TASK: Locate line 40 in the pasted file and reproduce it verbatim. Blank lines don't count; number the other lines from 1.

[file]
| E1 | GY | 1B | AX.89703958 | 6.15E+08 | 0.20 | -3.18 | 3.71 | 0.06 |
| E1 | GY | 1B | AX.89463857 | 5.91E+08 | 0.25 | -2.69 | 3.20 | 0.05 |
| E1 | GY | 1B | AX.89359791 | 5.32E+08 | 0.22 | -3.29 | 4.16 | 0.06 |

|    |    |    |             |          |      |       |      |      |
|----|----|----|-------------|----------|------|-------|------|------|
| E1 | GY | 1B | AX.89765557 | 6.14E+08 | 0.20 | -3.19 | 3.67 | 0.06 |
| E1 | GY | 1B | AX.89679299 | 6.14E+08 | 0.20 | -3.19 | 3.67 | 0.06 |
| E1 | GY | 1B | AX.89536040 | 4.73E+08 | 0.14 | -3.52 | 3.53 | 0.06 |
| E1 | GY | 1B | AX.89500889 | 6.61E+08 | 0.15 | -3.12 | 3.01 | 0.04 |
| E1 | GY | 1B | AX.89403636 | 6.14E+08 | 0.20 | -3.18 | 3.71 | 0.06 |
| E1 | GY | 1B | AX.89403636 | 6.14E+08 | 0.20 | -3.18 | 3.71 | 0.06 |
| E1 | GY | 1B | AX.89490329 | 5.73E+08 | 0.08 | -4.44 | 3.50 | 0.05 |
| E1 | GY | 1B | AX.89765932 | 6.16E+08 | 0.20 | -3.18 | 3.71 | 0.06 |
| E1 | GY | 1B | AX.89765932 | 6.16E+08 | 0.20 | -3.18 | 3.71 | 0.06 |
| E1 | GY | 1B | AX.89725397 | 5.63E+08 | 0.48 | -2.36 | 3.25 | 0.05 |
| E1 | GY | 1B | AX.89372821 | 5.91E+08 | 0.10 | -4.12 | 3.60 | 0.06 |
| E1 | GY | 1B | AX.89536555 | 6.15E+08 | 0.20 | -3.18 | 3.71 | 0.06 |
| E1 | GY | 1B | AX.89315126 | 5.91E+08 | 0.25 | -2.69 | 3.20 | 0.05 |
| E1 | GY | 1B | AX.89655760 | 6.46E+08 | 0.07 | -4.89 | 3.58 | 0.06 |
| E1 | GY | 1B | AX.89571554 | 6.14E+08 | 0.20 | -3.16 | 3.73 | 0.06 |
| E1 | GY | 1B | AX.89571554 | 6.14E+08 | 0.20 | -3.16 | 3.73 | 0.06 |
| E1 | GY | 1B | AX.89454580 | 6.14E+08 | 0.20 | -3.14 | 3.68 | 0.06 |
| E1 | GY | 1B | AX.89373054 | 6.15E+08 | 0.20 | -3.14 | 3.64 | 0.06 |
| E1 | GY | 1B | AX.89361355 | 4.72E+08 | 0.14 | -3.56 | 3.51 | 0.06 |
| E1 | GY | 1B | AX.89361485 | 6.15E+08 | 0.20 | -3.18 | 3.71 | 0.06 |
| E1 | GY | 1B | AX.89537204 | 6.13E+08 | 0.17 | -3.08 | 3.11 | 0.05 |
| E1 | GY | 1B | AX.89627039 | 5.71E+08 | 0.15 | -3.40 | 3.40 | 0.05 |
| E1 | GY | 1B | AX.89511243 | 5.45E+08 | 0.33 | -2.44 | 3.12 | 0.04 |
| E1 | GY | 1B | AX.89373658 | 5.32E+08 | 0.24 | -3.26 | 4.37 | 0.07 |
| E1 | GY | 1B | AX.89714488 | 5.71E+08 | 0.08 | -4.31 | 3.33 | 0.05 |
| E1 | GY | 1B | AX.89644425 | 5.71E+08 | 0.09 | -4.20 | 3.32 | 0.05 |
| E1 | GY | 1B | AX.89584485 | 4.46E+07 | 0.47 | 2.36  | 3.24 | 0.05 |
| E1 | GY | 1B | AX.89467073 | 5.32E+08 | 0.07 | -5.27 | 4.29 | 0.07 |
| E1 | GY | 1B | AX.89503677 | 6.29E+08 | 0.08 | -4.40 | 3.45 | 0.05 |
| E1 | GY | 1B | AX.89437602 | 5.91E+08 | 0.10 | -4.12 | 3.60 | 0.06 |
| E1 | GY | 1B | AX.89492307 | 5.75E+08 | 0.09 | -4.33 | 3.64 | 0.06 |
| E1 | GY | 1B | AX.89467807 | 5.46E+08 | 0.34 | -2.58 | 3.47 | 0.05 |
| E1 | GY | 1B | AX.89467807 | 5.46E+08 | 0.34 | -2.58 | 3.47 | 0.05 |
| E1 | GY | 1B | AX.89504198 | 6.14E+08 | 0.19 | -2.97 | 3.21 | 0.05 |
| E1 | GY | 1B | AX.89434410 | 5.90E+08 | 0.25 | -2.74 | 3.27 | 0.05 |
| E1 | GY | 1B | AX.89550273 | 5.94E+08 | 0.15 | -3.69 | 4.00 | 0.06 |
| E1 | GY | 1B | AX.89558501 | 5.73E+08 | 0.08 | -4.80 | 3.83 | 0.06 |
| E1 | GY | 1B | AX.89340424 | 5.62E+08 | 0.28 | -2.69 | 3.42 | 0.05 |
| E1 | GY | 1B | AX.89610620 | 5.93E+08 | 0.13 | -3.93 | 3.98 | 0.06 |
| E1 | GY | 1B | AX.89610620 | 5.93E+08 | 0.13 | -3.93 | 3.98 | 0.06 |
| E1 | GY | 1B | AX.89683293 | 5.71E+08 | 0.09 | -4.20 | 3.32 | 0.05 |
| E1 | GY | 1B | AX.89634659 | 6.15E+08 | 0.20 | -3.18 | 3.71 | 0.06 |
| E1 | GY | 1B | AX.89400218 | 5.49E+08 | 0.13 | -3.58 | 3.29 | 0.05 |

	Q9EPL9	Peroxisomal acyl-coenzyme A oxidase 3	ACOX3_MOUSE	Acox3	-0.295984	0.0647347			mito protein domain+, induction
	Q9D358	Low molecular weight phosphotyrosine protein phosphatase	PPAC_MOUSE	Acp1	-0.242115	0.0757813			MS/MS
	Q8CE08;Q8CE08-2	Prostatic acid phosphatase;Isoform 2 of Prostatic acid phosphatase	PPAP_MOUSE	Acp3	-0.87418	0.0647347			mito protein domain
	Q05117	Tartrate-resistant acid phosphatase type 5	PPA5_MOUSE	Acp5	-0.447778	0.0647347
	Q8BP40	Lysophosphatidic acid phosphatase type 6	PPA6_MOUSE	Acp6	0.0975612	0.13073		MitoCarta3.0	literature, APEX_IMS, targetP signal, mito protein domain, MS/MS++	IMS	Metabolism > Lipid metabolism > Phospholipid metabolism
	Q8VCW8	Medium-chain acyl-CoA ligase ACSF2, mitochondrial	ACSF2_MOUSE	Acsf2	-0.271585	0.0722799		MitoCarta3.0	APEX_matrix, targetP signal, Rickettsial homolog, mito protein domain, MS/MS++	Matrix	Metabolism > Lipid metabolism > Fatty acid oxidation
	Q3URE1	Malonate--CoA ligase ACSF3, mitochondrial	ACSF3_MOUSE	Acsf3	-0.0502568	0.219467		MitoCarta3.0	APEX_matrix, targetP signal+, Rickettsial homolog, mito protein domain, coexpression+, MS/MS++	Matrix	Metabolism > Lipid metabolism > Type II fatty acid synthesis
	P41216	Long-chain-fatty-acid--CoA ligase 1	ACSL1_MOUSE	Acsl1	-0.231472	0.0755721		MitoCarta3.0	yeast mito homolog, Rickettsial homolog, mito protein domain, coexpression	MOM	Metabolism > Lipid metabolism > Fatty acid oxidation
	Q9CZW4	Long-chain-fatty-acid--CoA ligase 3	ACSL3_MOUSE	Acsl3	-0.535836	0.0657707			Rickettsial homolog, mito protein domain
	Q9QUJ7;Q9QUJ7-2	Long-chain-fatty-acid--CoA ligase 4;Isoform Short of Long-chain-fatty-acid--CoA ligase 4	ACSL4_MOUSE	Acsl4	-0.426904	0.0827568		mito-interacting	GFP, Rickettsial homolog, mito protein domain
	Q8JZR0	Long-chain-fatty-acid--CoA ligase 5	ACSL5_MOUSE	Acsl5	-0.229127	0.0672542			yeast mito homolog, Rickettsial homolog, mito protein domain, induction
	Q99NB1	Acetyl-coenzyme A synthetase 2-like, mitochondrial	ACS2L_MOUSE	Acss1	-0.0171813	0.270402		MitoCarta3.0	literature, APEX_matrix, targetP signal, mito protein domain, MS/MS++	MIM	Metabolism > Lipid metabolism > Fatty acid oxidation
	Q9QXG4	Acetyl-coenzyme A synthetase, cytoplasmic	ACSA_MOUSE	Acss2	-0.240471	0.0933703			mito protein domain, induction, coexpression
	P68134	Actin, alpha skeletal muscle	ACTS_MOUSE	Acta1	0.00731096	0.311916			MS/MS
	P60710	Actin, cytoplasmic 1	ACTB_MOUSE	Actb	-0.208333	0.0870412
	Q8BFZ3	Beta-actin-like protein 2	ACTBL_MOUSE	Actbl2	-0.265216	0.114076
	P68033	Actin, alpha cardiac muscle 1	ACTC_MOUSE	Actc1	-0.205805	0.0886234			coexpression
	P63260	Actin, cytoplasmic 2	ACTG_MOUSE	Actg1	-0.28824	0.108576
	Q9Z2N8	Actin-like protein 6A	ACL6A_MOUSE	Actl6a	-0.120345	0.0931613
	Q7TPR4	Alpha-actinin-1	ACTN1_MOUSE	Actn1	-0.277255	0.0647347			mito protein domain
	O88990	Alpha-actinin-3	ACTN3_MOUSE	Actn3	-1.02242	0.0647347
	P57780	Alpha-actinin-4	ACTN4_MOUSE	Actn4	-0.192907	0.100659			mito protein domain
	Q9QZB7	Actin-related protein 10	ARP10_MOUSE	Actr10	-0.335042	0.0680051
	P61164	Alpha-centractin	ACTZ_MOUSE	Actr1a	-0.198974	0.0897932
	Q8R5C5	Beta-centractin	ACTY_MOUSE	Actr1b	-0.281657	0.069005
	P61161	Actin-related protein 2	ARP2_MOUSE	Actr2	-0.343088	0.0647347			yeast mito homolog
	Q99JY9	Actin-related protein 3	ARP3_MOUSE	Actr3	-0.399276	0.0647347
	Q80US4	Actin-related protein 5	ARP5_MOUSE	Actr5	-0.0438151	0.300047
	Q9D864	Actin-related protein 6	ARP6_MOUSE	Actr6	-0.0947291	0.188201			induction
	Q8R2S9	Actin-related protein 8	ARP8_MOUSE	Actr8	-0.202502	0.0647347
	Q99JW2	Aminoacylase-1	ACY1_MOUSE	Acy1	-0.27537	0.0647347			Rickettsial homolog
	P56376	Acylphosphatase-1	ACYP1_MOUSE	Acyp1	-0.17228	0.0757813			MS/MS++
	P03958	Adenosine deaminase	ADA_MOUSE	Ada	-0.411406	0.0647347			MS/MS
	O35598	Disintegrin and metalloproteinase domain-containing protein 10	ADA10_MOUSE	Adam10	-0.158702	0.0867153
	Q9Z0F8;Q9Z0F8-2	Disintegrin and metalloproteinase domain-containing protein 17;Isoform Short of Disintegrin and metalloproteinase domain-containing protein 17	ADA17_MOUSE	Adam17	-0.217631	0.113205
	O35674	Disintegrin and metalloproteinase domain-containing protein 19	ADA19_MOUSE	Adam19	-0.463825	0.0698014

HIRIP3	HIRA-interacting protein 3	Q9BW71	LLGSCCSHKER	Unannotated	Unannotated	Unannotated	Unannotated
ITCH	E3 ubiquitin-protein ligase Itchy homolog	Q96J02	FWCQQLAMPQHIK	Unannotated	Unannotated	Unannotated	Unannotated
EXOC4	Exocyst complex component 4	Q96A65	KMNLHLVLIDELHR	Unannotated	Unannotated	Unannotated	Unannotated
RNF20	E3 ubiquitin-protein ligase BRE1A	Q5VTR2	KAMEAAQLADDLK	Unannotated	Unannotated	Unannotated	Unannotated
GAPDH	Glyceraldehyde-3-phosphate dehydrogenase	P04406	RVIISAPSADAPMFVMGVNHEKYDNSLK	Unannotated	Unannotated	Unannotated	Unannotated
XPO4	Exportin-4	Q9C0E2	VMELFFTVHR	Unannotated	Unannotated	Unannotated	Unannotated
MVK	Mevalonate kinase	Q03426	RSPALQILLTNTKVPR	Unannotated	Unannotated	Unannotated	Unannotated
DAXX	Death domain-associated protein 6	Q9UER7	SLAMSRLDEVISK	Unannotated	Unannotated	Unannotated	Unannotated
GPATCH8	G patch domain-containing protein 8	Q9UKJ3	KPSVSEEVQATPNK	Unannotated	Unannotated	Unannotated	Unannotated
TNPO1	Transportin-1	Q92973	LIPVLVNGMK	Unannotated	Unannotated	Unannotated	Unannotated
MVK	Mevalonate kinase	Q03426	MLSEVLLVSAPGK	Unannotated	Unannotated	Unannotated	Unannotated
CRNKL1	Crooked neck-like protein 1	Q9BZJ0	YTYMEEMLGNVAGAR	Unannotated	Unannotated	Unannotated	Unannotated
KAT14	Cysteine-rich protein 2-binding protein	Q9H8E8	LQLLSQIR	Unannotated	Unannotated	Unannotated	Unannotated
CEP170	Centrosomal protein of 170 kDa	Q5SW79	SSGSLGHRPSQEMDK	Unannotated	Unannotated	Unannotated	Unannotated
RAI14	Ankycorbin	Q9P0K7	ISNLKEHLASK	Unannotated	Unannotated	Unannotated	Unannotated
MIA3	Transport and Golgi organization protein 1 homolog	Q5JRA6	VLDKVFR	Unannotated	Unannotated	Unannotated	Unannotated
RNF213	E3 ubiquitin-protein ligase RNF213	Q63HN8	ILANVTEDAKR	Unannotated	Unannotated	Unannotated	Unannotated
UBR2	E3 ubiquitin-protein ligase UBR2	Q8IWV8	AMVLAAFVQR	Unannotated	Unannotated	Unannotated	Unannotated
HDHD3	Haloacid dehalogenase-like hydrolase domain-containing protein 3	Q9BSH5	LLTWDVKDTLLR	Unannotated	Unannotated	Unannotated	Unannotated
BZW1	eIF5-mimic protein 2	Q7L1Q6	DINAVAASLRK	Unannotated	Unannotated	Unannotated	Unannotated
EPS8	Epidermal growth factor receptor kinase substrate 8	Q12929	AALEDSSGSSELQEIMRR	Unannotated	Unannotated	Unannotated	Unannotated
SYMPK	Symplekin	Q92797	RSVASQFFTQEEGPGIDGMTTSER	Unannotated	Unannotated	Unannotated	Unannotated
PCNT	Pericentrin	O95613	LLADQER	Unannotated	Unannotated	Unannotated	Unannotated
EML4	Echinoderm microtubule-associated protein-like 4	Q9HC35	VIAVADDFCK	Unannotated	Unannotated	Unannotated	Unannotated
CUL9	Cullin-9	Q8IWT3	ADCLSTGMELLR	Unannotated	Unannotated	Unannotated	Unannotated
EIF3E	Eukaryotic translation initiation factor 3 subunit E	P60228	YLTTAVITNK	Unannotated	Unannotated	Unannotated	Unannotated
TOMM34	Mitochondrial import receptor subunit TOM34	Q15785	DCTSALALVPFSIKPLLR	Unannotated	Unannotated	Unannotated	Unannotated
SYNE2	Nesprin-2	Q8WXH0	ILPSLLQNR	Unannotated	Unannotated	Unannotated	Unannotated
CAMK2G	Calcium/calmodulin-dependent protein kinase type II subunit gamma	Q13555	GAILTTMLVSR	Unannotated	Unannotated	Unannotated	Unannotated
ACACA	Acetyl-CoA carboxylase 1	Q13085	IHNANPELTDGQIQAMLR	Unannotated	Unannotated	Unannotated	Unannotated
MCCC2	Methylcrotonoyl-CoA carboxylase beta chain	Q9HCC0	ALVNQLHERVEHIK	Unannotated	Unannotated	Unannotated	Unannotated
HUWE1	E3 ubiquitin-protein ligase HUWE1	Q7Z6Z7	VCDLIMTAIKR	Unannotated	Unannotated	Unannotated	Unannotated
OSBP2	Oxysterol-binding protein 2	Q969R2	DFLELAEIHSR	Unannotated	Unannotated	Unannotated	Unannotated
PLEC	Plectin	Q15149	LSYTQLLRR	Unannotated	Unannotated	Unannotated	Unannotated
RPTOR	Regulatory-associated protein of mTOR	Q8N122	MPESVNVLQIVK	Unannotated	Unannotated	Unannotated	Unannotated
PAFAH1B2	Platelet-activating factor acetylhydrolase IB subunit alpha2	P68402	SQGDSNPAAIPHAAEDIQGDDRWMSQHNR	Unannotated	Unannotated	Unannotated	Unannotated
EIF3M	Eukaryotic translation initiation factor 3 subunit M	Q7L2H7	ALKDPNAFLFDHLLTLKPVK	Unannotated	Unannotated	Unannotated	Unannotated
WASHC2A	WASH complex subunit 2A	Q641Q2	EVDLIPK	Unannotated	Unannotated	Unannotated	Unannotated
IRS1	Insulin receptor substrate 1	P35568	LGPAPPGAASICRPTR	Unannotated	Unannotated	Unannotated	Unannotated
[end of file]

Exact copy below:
| E1 | GY | 1B | AX.89434410 | 5.90E+08 | 0.25 | -2.74 | 3.27 | 0.05 |